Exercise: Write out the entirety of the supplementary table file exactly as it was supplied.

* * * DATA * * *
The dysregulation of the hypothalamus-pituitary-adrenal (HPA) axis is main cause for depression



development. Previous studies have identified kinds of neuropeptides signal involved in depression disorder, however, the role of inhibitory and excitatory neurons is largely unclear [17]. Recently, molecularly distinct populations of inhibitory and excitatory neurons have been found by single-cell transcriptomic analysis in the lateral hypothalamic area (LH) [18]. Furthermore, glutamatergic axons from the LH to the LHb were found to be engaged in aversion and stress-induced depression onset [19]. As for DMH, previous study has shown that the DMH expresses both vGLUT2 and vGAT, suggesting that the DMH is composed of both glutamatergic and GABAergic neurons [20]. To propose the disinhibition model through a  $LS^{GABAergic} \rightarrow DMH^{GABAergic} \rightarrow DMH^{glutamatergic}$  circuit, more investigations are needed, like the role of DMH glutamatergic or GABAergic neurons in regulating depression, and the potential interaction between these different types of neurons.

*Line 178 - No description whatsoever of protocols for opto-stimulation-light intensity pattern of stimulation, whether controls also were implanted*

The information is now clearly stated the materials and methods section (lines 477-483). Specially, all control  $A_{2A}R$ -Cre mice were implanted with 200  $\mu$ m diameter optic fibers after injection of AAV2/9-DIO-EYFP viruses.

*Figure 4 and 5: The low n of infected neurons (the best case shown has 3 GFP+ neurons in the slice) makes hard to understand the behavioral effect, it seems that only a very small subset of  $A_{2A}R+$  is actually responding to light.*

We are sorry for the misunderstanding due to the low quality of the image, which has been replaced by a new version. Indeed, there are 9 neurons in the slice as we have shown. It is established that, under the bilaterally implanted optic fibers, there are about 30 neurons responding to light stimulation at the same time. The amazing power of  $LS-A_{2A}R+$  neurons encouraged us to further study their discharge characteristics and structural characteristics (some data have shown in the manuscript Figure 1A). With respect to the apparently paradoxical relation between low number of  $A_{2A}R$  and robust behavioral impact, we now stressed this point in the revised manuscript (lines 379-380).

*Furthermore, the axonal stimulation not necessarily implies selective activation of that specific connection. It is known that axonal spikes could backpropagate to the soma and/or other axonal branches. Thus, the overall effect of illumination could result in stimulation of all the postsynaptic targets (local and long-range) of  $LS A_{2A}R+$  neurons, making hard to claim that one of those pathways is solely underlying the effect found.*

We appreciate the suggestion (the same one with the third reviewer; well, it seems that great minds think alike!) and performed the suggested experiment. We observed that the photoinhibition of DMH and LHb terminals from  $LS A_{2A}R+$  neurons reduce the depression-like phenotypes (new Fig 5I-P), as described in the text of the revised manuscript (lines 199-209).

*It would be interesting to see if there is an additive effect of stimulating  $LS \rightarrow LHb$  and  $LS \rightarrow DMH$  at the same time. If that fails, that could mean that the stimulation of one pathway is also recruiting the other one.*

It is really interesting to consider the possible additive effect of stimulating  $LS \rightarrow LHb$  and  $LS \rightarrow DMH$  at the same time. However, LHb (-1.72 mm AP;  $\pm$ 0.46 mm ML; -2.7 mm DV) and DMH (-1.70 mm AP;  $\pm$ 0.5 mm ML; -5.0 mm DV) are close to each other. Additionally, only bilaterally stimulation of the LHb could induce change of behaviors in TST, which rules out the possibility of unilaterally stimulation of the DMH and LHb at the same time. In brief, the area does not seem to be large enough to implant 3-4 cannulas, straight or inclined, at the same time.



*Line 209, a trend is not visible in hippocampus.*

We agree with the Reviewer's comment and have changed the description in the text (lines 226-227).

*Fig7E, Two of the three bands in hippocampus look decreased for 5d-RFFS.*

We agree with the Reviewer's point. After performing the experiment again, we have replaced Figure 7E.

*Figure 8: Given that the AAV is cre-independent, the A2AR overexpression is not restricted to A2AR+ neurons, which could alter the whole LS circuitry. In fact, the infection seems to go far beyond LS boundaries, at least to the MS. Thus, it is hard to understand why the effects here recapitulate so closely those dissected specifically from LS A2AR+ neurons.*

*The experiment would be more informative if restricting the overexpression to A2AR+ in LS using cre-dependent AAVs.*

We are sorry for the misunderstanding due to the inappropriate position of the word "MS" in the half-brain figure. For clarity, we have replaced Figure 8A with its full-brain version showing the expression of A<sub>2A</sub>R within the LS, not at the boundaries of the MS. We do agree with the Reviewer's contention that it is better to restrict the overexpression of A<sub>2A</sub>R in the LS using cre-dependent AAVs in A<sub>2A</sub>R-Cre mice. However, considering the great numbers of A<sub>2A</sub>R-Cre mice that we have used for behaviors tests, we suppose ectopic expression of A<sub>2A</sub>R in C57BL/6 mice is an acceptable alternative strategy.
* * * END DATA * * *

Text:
The dysregulation of the hypothalamus-pituitary-adrenal (HPA) axis is main cause for depression



development. Previous studies have identified kinds of neuropeptides signal involved in depression disorder, however, the role of inhibitory and excitatory neurons is largely unclear [17]. Recently, molecularly distinct populations of inhibitory and excitatory neurons have been found by single-cell transcriptomic analysis in the lateral hypothalamic area (LH) [18]. Furthermore, glutamatergic axons from the LH to the LHb were found to be engaged in aversion and stress-induced depression onset [19]. As for DMH, previous study has shown that the DMH expresses both vGLUT2 and vGAT, suggesting that the DMH is composed of both glutamatergic and GABAergic neurons [20]. To propose the disinhibition model through a  $LS^{GABAergic} \rightarrow DMH^{GABAergic} \rightarrow DMH^{glutamatergic}$  circuit, more investigations are needed, like the role of DMH glutamatergic or GABAergic neurons in regulating depression, and the potential interaction between these different types of neurons.

*Line 178 - No description whatsoever of protocols for opto-stimulation-light intensity pattern of stimulation, whether controls also were implanted*

The information is now clearly stated the materials and methods section (lines 477-483). Specially, all control  $A_{2A}R$ -Cre mice were implanted with 200  $\mu$ m diameter optic fibers after injection of AAV2/9-DIO-EYFP viruses.

*Figure 4 and 5: The low n of infected neurons (the best case shown has 3 GFP+ neurons in the slice) makes hard to understand the behavioral effect, it seems that only a very small subset of  $A_{2A}R+$  is actually responding to light.*

We are sorry for the misunderstanding due to the low quality of the image, which has been replaced by a new version. Indeed, there are 9 neurons in the slice as we have shown. It is established that, under the bilaterally implanted optic fibers, there are about 30 neurons responding to light stimulation at the same time. The amazing power of  $LS-A_{2A}R+$  neurons encouraged us to further study their discharge characteristics and structural characteristics (some data have shown in the manuscript Figure 1A). With respect to the apparently paradoxical relation between low number of  $A_{2A}R$  and robust behavioral impact, we now stressed this point in the revised manuscript (lines 379-380).

*Furthermore, the axonal stimulation not necessarily implies selective activation of that specific connection. It is known that axonal spikes could backpropagate to the soma and/or other axonal branches. Thus, the overall effect of illumination could result in stimulation of all the postsynaptic targets (local and long-range) of  $LS A_{2A}R+$  neurons, making hard to claim that one of those pathways is solely underlying the effect found.*

We appreciate the suggestion (the same one with the third reviewer; well, it seems that great minds think alike!) and performed the suggested experiment. We observed that the photoinhibition of DMH and LHb terminals from  $LS A_{2A}R+$  neurons reduce the depression-like phenotypes (new Fig 5I-P), as described in the text of the revised manuscript (lines 199-209).

*It would be interesting to see if there is an additive effect of stimulating  $LS \rightarrow LHb$  and  $LS \rightarrow DMH$  at the same time. If that fails, that could mean that the stimulation of one pathway is also recruiting the other one.*

It is really interesting to consider the possible additive effect of stimulating  $LS \rightarrow LHb$  and  $LS \rightarrow DMH$  at the same time. However, LHb (-1.72 mm AP;  $\pm$ 0.46 mm ML; -2.7 mm DV) and DMH (-1.70 mm AP;  $\pm$ 0.5 mm ML; -5.0 mm DV) are close to each other. Additionally, only bilaterally stimulation of the LHb could induce change of behaviors in TST, which rules out the possibility of unilaterally stimulation of the DMH and LHb at the same time. In brief, the area does not seem to be large enough to implant 3-4 cannulas, straight or inclined, at the same time.



*Line 209, a trend is not visible in hippocampus.*

We agree with the Reviewer's comment and have changed the description in the text (lines 226-227).

*Fig7E, Two of the three bands in hippocampus look decreased for 5d-RFFS.*

We agree with the Reviewer's point. After performing the experiment again, we have replaced Figure 7E.

*Figure 8: Given that the AAV is cre-independent, the A2AR overexpression is not restricted to A2AR+ neurons, which could alter the whole LS circuitry. In fact, the infection seems to go far beyond LS boundaries, at least to the MS. Thus, it is hard to understand why the effects here recapitulate so closely those dissected specifically from LS A2AR+ neurons.*

*The experiment would be more informative if restricting the overexpression to A2AR+ in LS using cre-dependent AAVs.*

We are sorry for the misunderstanding due to the inappropriate position of the word "MS" in the half-brain figure. For clarity, we have replaced Figure 8A with its full-brain version showing the expression of A<sub>2A</sub>R within the LS, not at the boundaries of the MS. We do agree with the Reviewer's contention that it is better to restrict the overexpression of A<sub>2A</sub>R in the LS using cre-dependent AAVs in A<sub>2A</sub>R-Cre mice. However, considering the great numbers of A<sub>2A</sub>R-Cre mice that we have used for behaviors tests, we suppose ectopic expression of A<sub>2A</sub>R in C57BL/6 mice is an acceptable alternative strategy.